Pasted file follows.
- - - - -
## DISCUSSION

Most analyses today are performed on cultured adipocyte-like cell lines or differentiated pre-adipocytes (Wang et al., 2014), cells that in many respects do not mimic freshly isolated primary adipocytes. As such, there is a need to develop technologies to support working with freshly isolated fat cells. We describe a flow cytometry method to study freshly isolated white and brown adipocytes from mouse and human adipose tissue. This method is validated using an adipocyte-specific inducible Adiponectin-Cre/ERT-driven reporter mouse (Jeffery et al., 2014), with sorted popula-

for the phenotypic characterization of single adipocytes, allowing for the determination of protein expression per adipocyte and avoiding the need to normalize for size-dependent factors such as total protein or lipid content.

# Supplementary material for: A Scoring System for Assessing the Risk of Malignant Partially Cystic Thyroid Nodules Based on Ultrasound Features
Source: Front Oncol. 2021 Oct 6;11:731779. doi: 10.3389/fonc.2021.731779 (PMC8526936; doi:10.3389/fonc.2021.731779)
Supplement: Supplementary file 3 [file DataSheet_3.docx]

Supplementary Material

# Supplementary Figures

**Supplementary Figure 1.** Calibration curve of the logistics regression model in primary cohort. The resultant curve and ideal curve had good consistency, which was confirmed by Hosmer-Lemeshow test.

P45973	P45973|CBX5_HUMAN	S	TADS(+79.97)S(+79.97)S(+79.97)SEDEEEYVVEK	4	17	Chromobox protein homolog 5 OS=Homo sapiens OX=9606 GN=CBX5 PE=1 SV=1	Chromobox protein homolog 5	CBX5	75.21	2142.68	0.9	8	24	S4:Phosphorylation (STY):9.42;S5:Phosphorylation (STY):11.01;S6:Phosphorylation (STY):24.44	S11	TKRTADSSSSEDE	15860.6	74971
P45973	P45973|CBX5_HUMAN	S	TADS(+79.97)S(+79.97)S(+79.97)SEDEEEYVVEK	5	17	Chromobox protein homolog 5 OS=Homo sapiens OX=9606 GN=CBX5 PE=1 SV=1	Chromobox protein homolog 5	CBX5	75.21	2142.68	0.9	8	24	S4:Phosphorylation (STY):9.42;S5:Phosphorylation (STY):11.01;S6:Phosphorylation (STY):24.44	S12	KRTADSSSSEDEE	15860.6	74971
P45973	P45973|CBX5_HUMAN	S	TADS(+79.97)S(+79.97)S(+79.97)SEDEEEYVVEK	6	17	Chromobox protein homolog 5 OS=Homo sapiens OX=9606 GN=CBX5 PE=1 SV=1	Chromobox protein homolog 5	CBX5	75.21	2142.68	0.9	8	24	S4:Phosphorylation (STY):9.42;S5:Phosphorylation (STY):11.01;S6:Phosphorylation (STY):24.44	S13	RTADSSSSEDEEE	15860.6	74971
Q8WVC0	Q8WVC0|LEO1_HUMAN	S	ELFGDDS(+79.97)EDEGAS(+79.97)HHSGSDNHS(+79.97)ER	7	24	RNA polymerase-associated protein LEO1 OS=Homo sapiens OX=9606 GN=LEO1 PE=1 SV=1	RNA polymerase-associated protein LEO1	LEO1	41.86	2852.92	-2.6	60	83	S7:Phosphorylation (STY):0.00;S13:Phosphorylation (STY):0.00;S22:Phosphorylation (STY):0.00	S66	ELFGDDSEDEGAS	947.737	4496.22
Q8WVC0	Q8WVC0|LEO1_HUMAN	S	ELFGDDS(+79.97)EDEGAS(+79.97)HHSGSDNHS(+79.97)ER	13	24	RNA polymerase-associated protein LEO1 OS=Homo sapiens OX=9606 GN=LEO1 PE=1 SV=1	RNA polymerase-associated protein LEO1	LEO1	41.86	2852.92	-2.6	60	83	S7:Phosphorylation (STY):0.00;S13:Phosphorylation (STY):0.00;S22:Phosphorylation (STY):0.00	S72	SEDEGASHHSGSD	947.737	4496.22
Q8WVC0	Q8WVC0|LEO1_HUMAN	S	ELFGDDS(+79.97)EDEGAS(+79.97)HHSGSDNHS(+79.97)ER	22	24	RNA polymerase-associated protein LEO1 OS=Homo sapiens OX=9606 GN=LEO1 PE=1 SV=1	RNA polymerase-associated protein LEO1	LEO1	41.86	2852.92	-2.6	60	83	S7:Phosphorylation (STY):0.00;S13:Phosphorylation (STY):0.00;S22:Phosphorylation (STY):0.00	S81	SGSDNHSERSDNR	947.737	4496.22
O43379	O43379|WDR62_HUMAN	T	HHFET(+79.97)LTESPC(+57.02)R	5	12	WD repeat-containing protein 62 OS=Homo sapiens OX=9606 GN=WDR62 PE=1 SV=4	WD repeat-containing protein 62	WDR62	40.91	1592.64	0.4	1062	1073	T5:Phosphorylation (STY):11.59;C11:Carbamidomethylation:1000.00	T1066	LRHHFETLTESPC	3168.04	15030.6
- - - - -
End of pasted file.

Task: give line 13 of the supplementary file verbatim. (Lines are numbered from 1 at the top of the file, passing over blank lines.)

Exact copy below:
Q8WVC0	Q8WVC0|LEO1_HUMAN	S	ELFGDDS(+79.97)EDEGAS(+79.97)HHSGSDNHS(+79.97)ER	7	24	RNA polymerase-associated protein LEO1 OS=Homo sapiens OX=9606 GN=LEO1 PE=1 SV=1	RNA polymerase-associated protein LEO1	LEO1	41.86	2852.92	-2.6	60	83	S7:Phosphorylation (STY):0.00;S13:Phosphorylation (STY):0.00;S22:Phosphorylation (STY):0.00	S66	ELFGDDSEDEGAS	947.737	4496.22